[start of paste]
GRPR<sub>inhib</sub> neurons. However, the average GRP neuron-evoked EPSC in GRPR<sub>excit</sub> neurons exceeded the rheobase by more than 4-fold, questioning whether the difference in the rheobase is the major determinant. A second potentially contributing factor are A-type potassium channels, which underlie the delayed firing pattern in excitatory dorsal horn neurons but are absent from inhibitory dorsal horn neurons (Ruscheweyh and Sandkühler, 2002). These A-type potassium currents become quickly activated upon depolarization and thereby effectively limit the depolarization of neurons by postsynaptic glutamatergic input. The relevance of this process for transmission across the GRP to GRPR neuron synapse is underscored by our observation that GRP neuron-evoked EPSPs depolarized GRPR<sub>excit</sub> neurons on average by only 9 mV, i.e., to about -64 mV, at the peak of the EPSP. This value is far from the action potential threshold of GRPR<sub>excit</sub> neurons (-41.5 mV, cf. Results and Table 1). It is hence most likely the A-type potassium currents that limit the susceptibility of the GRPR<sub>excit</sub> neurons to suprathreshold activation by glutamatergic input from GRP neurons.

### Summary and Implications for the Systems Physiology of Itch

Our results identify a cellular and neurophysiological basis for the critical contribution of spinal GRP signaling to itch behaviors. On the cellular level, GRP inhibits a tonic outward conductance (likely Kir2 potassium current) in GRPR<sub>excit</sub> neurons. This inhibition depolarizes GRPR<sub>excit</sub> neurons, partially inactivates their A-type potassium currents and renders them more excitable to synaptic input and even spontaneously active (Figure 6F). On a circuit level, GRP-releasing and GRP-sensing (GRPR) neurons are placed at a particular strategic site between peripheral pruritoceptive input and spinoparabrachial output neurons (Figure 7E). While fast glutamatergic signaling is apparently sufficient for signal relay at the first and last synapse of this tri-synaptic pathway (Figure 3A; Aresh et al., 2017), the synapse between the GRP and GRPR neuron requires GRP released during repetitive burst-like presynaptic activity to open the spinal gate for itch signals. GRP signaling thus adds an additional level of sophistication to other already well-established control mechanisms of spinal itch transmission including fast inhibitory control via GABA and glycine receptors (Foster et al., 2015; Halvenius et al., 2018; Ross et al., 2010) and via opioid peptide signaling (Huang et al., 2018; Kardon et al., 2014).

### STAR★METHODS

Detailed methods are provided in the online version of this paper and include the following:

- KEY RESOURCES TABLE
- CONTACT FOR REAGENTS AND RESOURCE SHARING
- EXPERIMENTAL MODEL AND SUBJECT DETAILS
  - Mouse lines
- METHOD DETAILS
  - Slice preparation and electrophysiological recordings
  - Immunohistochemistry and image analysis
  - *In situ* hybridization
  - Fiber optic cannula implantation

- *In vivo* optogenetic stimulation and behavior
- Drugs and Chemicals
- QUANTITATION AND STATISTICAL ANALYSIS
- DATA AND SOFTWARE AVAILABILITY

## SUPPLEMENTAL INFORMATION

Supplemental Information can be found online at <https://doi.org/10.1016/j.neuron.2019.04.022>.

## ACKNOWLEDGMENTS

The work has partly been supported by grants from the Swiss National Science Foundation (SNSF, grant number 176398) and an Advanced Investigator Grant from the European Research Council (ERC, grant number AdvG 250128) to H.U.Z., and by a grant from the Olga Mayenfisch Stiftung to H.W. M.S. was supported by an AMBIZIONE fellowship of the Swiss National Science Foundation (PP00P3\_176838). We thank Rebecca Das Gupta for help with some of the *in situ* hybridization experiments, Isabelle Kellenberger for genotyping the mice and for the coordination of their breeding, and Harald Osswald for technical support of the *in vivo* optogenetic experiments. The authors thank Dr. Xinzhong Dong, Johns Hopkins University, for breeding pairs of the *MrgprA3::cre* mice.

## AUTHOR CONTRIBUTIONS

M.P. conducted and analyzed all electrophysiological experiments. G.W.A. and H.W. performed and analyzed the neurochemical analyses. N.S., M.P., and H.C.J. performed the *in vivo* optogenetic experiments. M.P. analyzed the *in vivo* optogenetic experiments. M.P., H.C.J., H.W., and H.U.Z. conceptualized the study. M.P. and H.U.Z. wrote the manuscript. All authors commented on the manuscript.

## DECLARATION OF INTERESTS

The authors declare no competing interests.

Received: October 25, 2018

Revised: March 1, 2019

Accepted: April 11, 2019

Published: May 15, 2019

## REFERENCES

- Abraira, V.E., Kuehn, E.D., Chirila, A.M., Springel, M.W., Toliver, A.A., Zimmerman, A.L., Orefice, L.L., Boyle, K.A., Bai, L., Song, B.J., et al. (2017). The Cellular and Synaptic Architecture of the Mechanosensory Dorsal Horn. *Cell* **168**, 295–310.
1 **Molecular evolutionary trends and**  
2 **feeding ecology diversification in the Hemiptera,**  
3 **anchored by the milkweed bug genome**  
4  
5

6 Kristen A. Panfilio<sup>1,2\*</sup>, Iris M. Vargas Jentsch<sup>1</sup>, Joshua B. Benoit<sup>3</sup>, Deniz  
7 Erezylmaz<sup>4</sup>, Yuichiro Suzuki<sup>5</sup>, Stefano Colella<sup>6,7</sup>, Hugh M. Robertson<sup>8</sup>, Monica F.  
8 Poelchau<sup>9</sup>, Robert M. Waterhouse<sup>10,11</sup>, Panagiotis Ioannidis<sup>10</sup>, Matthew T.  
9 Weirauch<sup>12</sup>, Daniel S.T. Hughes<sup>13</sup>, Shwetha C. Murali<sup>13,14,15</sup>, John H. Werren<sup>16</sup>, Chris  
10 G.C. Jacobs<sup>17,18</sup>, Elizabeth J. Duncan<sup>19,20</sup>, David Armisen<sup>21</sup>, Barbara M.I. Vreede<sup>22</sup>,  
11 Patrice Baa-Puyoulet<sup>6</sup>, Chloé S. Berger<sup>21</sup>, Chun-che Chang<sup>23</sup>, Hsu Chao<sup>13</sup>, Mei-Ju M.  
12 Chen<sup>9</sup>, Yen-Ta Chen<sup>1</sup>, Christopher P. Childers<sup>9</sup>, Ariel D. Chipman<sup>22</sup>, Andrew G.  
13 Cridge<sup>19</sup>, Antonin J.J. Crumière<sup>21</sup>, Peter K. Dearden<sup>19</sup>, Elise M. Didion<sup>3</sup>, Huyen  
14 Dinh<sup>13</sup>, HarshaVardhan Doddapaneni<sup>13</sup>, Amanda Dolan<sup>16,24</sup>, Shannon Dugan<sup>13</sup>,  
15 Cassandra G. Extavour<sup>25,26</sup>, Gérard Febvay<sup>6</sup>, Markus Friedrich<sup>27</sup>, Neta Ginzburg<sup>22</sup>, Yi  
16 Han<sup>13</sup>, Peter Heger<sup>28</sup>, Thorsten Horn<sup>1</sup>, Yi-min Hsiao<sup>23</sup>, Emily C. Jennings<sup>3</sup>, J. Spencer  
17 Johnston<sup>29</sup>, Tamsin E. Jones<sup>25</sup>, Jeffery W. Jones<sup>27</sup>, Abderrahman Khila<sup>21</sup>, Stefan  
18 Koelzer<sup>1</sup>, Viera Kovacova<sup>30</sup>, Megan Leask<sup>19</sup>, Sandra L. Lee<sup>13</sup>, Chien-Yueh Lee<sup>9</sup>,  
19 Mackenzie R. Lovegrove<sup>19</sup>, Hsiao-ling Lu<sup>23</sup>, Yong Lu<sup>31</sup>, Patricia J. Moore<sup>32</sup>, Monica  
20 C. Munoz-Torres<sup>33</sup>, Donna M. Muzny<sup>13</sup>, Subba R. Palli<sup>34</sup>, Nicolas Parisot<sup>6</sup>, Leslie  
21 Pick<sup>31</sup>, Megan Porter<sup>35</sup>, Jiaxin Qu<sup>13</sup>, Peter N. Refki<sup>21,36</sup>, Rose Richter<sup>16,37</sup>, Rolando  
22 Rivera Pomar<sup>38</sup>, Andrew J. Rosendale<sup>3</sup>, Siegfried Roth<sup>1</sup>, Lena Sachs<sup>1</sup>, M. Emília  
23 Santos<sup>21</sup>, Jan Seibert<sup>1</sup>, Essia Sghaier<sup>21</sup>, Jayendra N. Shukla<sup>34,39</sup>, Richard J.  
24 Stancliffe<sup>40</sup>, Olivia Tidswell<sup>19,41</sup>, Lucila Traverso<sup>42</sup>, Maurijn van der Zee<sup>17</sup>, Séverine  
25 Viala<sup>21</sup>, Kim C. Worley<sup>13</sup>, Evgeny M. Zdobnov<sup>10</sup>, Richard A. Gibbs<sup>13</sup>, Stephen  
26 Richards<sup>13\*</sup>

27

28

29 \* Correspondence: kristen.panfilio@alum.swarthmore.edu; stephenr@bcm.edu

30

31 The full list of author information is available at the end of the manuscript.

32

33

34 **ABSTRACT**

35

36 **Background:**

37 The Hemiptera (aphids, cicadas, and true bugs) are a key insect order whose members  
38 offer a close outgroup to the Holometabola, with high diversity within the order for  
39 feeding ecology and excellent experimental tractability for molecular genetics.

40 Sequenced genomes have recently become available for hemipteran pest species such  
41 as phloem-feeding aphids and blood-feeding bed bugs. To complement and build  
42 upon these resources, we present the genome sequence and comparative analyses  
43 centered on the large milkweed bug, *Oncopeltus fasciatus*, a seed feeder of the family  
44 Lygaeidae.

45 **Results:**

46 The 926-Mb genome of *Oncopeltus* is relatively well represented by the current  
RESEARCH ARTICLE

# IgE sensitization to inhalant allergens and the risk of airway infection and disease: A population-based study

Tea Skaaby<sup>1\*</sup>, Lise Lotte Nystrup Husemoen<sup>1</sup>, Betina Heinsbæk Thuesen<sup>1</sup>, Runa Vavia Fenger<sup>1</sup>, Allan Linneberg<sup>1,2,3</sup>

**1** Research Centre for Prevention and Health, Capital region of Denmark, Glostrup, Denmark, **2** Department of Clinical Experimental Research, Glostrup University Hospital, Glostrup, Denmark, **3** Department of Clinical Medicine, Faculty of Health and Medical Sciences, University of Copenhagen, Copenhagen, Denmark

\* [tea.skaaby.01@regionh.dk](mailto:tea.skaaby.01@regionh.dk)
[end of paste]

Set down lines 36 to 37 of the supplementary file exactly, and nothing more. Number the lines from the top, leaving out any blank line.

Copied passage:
4  
5